When the COVID-19 pandemic hit, nearly every industry was impacted. But the construction industry had one thing others didn’t: committed backlog. Plus, most contractors qualified for the PPP and ERC programs, so the financial pain of the pandemic was masked. Flashforward to 2022, and backlog had dwindled, replacement work was hard to find, government assistance programs had ended and the natural lag of the construction industry caught up to us. Not surprisingly, financial results for 2022 were meek, indicating that the construction industry is finally experiencing what most companies/industries felt in 2020.
As construction companies reach the end of PPP, ERC and other relief funds, financials are going to look different and new strategies are going to be needed to ensure continued growth and profitability. These strategies should include the ABCs of financial success:
You can’t fully know where to go if you don’t know where you are. Benchmarking is an important tool to measure where a business stands in comparison to its peers and in relation to industry trends. Working with so many contractors across all sectors, Grassi’s Construction team captures data across balance sheets in specific geographic regions and subsectors, to provide our clients with relevant metrics.
This data generates industry averages in accounts receivable and payable, contract assets and liabilities, lines of credit, backlog, gross profit, EBITDA and more. Considering how companies of similar size, location and revenues compare to your own is essential to remain competitive.
This benchmarking can be aided by financial ratios. Calculating ratios from your financial statement data and comparing them to industry averages and past performance can help you gauge your company’s condition in many key areas and raise red flags for where new strategies are needed.
For example, profitability ratios measure your company’s ability to generate income based on revenue, assets, operating costs and equity. The return on assets ratio is calculated by dividing net earnings by total assets, which will indicate how much profit is generated by total assets employed. The higher the ratio, the better. Debt to equity ratio, another common example, is calculated by dividing total liabilities by total net worth. Generally, a ratio of 3 or lower is acceptable.
Don’t stop benchmarking once this initial assessment is complete. Ongoing financial reporting (with KPIs) on the company-wide and project level should be the foundation of every business decision. Real-time and accurate financial reporting will help you identify issues early and remediate them contemporaneously.
Once you know where your company is underperforming or outperforming, you can begin to build the right strategies to improve or maintain results. These include:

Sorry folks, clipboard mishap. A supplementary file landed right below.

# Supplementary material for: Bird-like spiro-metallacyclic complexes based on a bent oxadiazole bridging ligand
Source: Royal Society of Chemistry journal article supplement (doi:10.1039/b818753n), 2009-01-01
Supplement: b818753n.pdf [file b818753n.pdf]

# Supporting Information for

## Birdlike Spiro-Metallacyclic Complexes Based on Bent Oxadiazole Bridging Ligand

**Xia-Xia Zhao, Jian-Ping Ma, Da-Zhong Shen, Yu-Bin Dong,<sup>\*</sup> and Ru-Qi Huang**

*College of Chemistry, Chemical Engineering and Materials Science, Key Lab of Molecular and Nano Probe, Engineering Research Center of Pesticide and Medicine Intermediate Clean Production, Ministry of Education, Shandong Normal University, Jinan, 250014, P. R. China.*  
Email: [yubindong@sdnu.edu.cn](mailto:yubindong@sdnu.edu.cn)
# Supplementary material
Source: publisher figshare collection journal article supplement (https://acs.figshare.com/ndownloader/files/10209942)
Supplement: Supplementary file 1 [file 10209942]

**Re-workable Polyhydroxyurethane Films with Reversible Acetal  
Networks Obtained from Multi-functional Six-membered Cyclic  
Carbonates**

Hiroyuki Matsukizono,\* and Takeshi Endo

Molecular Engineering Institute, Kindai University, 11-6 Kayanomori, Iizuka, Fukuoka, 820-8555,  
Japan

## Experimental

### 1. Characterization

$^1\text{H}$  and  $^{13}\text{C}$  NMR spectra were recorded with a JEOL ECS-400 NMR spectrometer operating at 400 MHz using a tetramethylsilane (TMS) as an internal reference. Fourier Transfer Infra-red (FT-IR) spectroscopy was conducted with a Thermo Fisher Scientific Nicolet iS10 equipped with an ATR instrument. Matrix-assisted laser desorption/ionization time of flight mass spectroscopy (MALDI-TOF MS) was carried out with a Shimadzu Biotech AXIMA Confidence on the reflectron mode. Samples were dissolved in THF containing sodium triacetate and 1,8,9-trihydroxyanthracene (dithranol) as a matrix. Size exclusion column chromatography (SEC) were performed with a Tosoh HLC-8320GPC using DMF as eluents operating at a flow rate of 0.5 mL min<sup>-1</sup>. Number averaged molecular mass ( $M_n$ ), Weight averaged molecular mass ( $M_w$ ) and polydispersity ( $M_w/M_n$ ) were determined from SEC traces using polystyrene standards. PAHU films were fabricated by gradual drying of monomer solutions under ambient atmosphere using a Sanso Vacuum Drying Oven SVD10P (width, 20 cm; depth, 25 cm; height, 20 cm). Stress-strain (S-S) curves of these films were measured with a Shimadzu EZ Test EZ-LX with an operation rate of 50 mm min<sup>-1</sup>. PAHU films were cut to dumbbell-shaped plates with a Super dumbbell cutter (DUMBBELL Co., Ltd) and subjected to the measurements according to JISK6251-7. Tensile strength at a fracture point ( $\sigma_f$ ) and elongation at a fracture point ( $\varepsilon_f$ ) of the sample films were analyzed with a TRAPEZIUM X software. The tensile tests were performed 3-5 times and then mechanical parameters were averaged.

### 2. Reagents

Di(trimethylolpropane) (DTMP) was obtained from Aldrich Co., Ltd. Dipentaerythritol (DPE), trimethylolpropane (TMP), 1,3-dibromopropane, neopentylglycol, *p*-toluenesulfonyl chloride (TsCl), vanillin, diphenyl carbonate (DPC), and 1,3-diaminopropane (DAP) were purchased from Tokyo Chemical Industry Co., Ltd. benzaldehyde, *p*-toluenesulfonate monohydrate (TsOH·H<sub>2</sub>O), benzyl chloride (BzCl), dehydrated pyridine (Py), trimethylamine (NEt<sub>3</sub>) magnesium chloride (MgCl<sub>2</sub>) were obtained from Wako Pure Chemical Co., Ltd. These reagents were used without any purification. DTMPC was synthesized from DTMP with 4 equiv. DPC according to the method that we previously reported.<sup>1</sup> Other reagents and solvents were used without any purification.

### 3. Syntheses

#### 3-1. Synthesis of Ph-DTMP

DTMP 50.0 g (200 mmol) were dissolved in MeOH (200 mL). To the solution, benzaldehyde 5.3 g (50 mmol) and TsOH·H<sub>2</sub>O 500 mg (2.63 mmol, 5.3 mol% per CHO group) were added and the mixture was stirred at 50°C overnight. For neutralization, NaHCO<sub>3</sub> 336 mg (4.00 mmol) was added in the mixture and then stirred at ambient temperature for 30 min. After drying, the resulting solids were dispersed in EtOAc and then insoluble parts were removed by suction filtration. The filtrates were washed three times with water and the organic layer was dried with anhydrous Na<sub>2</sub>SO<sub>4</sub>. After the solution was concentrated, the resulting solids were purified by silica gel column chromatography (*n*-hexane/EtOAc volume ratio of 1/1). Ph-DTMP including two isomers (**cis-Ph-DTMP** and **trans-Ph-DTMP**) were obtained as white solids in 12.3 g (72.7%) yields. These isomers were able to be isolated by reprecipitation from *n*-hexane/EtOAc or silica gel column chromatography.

- Purchasing & Procurement. To mitigate the impact of fluctuations in construction material pricing, consider purchasing and storing stock items in advance or secure a purchasing agreement for stock items in order to lock in prices. Review if change orders are being accepted for increased costs of construction materials or altered lead times.
- Prequalification Process. When the contractor’s prequalification program relies on year-end information, the issue becomes the reliability of outdated financial statements on which you are making award decisions. Asking for updated financial information could give the qualifying contractor greater insight into the current financial health of a subcontractor.
- Project Performance Management. It is essential to have a formal policy in place for communicating, reviewing, and documenting actual job performance in relation to the budget. Management should regularly review job costing and profitability.
- Cash Flow & Budgeting. Each project has is its own cash flow eco-system. By employing a project-centric cash flow forecast and operating budget, you can identify where projects, and the company, will experience cash surpluses/deficits and understand how this will impact the entire business. These reports should be fluid and cover a 6–24-month outlook.
- Risk Management. Regardless of your financial position in the marketplace or how well you are implementing the above strategies and tools, be sure to also build plans to proactively address areas of financial risk, such as cybersecurity, disaster planning and internal controls over fraud.
One of the most significant areas of financial risk – noncompliance – is also one of the most avoidable. With the right planning and advice, your construction company can mitigate the risk and expense of noncompliance with IRS, DOL, OSHA and other regulations.
When it comes to tax and accounting, simple compliance isn’t enough. Make sure you are taking advantage of all strategies to save dollars in a “cash is king” industry. Based on types of contracts, there are opportunities to employ an accepted accounting method as the basis of an income tax deferral strategy. For example, while a construction company’s overall method may be accrual, to the extent any projects are completed within a single tax year, that project could qualify for cash basis. With income tax rates due to sunset by the close of 2025, your current deferral methodology might shift to accelerating the recognition of income at the lower rates.
As the construction industry looks to the rest of 2023 to rebound from shaky financial results, both tried-and-true and innovative strategies will give your business a competitive edge. Working with your financial advisors, following the ABCs of success can help ensure you leave no stone unturned and no risk unaddressed.
This article originally appeared in the July-August issue of Construction Executive.